Part of course:

K-Means Clustering

- Background
- Introduction
- Algorithm
- Initialization
- Minimization problem
- Choosing K
- Soft assignment
- Interactive visualization
- Applications
- Limitations

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K-Means Clustering[ Edit ]

**K-means clustering **is an algorithm to perform clustering. It is simple to understand and implement, and hence is one of the most popular methods, and often the first algorithm to be tried out when performing clustering.

The idea behind **clustering** is to segregate the data into groups called *clusters*, so that instances with similar behavior are classified in the same cluster. It is used in data mining, pattern recognition and anomaly detection. Clustering is the most popular **unsupervised learning** method. Unsupervised learning is a set of techniques to identify patterns and underlying characteristics in data.

K-means clustering partitions the dataset into* k *clusters, where each instance is allocated to one cluster. Each cluster is represented by the cluster's center, also known as the *centroid*. The following figure plots the partition of a data set into five clusters, with the cluster centroids shown as crosses.

The procedure works iteratively by relocating the K centroids and re-classifying data points.

It is __easy to implement__:

- Initialize K centroids (b)
- For each data point, find the nearest centroid and classify the sample into the respective cluster (c)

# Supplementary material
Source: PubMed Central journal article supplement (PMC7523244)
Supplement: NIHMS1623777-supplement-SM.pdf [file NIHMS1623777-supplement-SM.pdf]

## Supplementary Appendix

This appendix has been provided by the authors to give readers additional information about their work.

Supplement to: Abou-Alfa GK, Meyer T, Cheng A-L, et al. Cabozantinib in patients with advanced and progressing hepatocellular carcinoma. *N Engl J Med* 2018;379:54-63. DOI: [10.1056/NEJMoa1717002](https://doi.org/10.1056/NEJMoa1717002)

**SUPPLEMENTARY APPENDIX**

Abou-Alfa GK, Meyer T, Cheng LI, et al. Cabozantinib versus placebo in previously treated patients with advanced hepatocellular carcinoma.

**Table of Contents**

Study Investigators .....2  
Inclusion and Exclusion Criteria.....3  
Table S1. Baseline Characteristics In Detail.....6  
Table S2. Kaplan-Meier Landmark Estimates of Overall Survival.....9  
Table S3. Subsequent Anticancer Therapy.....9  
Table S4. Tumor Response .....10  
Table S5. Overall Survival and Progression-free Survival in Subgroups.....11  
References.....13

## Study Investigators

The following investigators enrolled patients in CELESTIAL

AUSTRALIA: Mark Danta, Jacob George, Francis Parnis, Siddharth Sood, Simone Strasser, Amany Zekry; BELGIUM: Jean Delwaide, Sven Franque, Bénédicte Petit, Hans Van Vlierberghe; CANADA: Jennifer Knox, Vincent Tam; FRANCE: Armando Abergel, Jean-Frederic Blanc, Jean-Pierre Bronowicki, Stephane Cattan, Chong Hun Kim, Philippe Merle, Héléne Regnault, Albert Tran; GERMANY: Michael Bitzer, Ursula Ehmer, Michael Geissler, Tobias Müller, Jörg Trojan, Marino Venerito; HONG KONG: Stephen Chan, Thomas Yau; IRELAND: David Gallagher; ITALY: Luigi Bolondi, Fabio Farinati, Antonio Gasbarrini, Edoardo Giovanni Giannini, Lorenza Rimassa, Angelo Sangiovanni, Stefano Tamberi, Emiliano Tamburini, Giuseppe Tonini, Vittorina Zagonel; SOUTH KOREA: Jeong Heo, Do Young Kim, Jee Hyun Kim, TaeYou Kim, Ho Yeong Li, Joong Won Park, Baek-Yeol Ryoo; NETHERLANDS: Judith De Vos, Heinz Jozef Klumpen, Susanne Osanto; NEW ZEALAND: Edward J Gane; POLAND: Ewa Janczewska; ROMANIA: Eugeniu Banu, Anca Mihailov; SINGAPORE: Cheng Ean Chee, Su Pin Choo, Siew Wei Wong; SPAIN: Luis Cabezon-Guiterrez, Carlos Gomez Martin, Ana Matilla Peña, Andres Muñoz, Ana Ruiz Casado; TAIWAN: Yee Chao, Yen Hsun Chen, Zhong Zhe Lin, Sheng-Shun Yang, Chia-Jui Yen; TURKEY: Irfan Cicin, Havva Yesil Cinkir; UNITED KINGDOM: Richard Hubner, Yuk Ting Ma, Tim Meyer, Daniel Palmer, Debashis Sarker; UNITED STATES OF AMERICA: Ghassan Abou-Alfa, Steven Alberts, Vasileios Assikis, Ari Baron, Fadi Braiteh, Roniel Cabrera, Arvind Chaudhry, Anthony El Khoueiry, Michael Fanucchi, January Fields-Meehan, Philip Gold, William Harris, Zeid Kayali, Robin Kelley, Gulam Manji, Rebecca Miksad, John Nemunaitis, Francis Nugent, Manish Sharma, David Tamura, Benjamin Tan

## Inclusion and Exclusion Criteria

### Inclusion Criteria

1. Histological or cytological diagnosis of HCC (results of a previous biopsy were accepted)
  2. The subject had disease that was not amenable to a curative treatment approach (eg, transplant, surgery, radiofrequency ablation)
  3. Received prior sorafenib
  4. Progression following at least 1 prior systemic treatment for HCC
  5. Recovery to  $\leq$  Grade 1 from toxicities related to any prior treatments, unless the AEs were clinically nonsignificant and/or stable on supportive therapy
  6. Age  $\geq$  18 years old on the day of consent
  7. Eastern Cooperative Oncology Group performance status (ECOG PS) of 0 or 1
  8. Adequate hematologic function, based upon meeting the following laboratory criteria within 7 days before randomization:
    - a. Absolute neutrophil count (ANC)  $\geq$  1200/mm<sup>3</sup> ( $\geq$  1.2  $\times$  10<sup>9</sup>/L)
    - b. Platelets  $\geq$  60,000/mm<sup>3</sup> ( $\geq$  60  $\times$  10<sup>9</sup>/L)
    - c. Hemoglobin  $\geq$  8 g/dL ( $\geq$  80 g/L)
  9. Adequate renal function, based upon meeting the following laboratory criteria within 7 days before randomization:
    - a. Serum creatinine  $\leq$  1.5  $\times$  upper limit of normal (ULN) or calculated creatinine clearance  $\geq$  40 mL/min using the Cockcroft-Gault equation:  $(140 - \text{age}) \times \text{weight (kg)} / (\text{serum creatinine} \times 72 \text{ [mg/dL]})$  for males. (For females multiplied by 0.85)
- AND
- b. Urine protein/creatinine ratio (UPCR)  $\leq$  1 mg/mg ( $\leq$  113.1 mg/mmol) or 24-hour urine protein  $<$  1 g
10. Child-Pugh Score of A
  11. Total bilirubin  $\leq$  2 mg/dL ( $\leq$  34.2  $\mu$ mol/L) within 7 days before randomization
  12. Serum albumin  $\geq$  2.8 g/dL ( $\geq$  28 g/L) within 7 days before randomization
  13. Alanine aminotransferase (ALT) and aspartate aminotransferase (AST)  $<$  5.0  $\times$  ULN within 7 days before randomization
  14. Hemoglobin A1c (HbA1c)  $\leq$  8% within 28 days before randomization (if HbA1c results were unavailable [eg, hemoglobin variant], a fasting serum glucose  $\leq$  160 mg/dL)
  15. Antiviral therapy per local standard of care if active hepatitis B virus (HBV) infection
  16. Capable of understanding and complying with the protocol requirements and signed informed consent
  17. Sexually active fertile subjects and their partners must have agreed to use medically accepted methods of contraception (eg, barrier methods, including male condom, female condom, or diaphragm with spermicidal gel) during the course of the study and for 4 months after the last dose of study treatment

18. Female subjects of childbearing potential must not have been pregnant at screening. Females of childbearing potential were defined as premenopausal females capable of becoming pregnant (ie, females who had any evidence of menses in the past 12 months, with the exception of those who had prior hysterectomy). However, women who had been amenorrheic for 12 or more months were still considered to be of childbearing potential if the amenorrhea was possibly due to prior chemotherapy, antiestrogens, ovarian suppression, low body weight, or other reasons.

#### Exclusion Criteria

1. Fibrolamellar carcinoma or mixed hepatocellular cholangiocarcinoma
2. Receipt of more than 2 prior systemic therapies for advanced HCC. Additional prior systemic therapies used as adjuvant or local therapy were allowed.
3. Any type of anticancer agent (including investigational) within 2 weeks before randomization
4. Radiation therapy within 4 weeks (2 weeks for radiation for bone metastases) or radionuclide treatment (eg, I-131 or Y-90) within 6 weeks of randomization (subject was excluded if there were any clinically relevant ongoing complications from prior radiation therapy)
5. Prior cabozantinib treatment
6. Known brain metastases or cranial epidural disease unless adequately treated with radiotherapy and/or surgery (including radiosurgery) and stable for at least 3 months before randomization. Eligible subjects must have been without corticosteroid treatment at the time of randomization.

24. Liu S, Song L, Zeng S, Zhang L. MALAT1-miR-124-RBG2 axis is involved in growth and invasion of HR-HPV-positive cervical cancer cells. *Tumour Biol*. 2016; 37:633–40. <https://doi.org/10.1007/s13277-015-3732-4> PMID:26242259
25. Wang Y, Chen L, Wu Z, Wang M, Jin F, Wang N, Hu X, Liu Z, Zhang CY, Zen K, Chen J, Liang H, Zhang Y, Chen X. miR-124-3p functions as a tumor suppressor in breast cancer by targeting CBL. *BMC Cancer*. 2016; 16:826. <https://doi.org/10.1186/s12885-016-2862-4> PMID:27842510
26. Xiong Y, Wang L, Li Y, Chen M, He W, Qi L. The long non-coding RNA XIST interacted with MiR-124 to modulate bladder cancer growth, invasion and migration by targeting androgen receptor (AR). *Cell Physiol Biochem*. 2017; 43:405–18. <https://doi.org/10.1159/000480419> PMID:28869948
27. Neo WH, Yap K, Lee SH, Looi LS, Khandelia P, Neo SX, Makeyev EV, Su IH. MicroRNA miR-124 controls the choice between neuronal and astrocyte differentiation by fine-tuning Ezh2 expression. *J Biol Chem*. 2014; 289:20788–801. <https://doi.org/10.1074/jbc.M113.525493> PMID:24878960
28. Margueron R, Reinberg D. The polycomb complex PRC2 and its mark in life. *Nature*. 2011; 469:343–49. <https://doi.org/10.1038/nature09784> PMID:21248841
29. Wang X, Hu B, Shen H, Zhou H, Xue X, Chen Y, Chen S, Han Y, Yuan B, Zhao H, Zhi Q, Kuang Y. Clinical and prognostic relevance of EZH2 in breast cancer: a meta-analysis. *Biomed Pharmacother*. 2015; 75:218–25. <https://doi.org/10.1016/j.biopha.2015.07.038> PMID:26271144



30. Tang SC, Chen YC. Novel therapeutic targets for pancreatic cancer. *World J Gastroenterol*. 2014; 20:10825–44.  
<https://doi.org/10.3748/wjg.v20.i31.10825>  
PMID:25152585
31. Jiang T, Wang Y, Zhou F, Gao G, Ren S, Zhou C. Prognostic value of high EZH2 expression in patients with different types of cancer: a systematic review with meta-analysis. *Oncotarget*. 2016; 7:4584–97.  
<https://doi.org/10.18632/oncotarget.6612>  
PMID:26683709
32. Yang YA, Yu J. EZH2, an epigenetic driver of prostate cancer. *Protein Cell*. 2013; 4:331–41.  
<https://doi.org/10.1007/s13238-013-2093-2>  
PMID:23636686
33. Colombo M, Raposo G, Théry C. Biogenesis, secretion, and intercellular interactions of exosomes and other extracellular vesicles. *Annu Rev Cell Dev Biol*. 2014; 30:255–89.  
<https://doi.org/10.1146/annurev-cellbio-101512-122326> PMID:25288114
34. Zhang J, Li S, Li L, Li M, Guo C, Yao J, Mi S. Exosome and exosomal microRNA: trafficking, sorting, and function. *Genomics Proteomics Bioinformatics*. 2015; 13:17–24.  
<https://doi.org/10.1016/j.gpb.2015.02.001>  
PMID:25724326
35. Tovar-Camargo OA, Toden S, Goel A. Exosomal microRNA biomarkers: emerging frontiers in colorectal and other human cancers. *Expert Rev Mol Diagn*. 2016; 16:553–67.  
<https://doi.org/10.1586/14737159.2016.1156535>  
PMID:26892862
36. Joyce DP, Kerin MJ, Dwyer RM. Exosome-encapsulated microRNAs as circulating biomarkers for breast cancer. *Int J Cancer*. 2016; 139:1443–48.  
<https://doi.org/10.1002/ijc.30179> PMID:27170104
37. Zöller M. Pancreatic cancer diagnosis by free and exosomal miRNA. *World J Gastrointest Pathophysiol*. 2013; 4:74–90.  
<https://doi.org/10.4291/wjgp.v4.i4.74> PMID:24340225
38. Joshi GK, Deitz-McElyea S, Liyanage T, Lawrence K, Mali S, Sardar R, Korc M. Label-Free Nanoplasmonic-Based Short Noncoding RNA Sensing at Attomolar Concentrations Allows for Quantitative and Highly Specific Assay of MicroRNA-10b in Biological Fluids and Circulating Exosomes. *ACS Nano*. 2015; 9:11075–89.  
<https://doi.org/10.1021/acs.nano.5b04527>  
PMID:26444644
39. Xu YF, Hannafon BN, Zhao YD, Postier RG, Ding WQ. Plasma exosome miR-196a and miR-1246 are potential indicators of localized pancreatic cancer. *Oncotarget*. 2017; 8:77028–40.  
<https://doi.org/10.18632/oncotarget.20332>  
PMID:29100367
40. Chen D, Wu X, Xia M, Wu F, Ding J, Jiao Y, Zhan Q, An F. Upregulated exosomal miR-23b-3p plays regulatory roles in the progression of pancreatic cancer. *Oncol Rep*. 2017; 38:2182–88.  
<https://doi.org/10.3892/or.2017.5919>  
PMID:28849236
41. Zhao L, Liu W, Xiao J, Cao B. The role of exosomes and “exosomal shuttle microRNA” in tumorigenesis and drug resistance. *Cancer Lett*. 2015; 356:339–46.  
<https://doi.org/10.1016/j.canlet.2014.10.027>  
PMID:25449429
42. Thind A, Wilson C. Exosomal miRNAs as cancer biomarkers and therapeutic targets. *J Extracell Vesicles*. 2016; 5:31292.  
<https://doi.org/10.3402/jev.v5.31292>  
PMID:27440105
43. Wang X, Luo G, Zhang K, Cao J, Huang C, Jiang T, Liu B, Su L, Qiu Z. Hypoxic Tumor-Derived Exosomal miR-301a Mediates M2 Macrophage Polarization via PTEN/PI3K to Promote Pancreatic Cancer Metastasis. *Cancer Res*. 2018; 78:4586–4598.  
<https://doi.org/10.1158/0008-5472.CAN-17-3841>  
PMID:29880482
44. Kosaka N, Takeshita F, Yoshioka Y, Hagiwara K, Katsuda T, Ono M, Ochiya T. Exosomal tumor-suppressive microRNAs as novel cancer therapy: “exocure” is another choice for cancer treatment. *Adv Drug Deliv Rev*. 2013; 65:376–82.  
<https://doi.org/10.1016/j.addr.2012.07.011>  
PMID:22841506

- Recalculate centroids as the arithmetic mean of all instances assigned to it (d)
- Repeat steps 2-3 till convergence (e)-(f). The
*K*final clusters are then obtained.

Convergence is achieved when no further improvement can be made. That is, until there is no more change of the centroids or their memberships. It is a *heuristic* algorithm, which means that results will depend on the initial clusters.

There are multiple possible options for initializing the position of the centroids. Some common methods are described below:

**Forgy method**: randomly chosen among the data points**Kmeans++**(ideal for small datasets): selected to be as far from each other as possible, with the goal of converging faster. They can or not correspond to existing data points.

The optimization criterion of k-means clustering is:

min_{c_j} \sum_{j=1}^K \sum_{x_i \in C_j} || x_i - c_j|| ^2,

where cluster *j* has centroid *c _{j}*. The algorithm typically uses the Euclidean distance. However, any distance measure can be applied to the centroid calculation and the points assignation (e.g. cosine, Manhattan, Pearson).

The following are some methods for choosing a good value for parameter K: